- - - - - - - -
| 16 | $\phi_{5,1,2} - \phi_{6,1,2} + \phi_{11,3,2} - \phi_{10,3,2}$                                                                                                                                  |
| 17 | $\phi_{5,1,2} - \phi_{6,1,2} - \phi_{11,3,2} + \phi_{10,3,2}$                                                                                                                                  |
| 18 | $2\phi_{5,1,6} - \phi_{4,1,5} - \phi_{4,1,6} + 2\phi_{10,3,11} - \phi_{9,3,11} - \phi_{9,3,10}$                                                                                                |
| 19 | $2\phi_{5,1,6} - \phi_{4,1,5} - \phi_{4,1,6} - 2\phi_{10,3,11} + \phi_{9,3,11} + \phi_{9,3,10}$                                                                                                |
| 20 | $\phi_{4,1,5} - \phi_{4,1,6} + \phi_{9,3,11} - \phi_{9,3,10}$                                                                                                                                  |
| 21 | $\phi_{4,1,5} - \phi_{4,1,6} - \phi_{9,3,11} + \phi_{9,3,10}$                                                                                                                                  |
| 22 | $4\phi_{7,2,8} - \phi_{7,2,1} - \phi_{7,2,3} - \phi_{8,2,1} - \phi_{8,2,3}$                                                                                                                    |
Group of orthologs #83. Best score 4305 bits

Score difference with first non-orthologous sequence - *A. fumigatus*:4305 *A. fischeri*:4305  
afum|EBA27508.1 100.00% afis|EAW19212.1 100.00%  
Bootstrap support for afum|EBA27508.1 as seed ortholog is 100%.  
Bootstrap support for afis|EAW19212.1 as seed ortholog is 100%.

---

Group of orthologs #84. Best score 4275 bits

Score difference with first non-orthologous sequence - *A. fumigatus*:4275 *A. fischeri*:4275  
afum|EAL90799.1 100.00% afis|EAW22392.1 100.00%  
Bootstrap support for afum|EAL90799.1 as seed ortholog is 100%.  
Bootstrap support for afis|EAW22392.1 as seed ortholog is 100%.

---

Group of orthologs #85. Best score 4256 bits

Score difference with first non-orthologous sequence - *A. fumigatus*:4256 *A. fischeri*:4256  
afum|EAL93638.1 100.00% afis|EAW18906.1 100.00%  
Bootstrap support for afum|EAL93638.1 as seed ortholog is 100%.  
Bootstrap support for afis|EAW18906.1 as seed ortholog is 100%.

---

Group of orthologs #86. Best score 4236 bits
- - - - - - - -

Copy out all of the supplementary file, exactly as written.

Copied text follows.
| 16 | $\phi_{5,1,2} - \phi_{6,1,2} + \phi_{11,3,2} - \phi_{10,3,2}$                                                                                                                                  |
| 17 | $\phi_{5,1,2} - \phi_{6,1,2} - \phi_{11,3,2} + \phi_{10,3,2}$                                                                                                                                  |
| 18 | $2\phi_{5,1,6} - \phi_{4,1,5} - \phi_{4,1,6} + 2\phi_{10,3,11} - \phi_{9,3,11} - \phi_{9,3,10}$                                                                                                |
| 19 | $2\phi_{5,1,6} - \phi_{4,1,5} - \phi_{4,1,6} - 2\phi_{10,3,11} + \phi_{9,3,11} + \phi_{9,3,10}$                                                                                                |
| 20 | $\phi_{4,1,5} - \phi_{4,1,6} + \phi_{9,3,11} - \phi_{9,3,10}$                                                                                                                                  |
| 21 | $\phi_{4,1,5} - \phi_{4,1,6} - \phi_{9,3,11} + \phi_{9,3,10}$                                                                                                                                  |
| 22 | $4\phi_{7,2,8} - \phi_{7,2,1} - \phi_{7,2,3} - \phi_{8,2,1} - \phi_{8,2,3}$                                                                                                                    |
Group of orthologs #83. Best score 4305 bits

Score difference with first non-orthologous sequence - *A. fumigatus*:4305 *A. fischeri*:4305  
afum|EBA27508.1 100.00% afis|EAW19212.1 100.00%  
Bootstrap support for afum|EBA27508.1 as seed ortholog is 100%.  
Bootstrap support for afis|EAW19212.1 as seed ortholog is 100%.

---

Group of orthologs #84. Best score 4275 bits

Score difference with first non-orthologous sequence - *A. fumigatus*:4275 *A. fischeri*:4275  
afum|EAL90799.1 100.00% afis|EAW22392.1 100.00%  
Bootstrap support for afum|EAL90799.1 as seed ortholog is 100%.  
Bootstrap support for afis|EAW22392.1 as seed ortholog is 100%.

---

Group of orthologs #85. Best score 4256 bits

Score difference with first non-orthologous sequence - *A. fumigatus*:4256 *A. fischeri*:4256  
afum|EAL93638.1 100.00% afis|EAW18906.1 100.00%  
Bootstrap support for afum|EAL93638.1 as seed ortholog is 100%.  
Bootstrap support for afis|EAW18906.1 as seed ortholog is 100%.

---

Group of orthologs #86. Best score 4236 bits